Wednesday, February 06, 2008

The End of Outdoor Recreation

This new study published in the Proceedings for the National Academy of Sciences shouldn't be a surprise to anyone in the outdoor business. The trend for nearly two decades has been towards increasingly shorter and fewer trips. This study shows that while US population is going up, the percentage of people visiting parks has been going down around 1% per year. Since 1987, per capita participation in nature recreation has declined 18% to 25% (total population grew from 243 to 301 million during that time). The authors suggest that Americans may be giving up the outdoors for electronic gratification, though other factors are likely to blame as well.

The Outdoor Industry Association has long been fighting a losing battle to increase participation among youth (not to mention blacks and Hispanics). The OIA's Next Generation Report clearly shows a decline in outdoor activity as people grow older. Their 2006 Participation Study only goes back to 1998 so it doesn't look quite as bleak as the "fundamental shift away from nature-based recreation" but it still shows notable declines since 2001.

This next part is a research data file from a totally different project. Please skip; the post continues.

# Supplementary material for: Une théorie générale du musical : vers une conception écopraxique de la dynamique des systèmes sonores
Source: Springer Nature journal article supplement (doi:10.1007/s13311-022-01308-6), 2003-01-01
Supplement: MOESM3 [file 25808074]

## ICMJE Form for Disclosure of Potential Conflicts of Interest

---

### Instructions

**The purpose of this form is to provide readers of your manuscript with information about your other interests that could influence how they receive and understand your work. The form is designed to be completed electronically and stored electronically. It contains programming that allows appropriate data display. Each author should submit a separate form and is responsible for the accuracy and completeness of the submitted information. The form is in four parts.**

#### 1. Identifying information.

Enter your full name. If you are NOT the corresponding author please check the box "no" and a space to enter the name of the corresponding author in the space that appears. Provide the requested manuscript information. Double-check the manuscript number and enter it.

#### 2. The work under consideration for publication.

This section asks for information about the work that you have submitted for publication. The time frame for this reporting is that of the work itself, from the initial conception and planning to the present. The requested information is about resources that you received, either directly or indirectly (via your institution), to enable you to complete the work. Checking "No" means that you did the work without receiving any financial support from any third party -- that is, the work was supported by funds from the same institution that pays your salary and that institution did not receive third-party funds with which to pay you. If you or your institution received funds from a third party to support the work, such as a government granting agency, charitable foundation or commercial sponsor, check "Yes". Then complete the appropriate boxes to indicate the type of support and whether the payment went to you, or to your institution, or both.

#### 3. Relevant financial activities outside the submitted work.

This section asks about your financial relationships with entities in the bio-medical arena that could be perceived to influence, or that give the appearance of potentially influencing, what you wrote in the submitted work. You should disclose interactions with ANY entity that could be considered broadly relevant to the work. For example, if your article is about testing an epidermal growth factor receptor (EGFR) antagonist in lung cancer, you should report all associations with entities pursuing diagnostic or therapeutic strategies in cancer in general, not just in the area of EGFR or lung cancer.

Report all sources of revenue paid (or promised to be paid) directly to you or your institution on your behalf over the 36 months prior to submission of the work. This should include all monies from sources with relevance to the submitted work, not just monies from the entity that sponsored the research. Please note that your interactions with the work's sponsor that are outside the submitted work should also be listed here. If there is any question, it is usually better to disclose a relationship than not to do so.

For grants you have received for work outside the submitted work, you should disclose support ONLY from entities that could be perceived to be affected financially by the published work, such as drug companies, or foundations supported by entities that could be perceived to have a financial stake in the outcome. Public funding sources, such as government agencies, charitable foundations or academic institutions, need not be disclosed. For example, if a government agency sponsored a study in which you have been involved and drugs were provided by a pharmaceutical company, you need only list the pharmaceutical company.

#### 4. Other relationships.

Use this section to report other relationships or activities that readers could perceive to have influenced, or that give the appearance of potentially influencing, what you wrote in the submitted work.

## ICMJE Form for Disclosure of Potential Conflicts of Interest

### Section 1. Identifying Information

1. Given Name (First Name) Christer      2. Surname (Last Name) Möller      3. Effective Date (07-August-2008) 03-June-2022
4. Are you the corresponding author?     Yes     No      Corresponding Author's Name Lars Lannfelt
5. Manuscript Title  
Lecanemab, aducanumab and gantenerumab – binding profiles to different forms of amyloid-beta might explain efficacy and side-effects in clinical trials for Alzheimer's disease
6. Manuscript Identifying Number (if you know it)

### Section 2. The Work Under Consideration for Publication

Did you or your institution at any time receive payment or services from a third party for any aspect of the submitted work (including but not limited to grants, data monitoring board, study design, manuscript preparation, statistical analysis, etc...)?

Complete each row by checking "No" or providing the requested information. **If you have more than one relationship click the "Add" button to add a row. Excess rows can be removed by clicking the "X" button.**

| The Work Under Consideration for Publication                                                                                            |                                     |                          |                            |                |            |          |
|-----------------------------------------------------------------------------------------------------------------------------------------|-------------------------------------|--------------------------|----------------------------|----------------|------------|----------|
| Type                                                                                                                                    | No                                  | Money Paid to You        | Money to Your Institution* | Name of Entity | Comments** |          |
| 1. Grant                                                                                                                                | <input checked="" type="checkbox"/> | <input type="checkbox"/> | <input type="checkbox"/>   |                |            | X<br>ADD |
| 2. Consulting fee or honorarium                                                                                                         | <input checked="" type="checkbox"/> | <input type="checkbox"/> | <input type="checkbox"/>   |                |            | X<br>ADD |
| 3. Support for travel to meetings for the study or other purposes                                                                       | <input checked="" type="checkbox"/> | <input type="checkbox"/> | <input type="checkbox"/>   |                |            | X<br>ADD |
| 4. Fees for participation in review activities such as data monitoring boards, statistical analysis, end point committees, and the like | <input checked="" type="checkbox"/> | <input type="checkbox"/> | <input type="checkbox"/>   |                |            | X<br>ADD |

What this means for the rest of us who will never stop playing outdoors is less funding for parks, more user fees, and fewer people supporting environmental causes. Those who have the time to take longer trips into the real backcountry will likely encounter fewer people. But day-trippers are going to experience even more crowding, particularly with California leading the way by closing 48 state parks.

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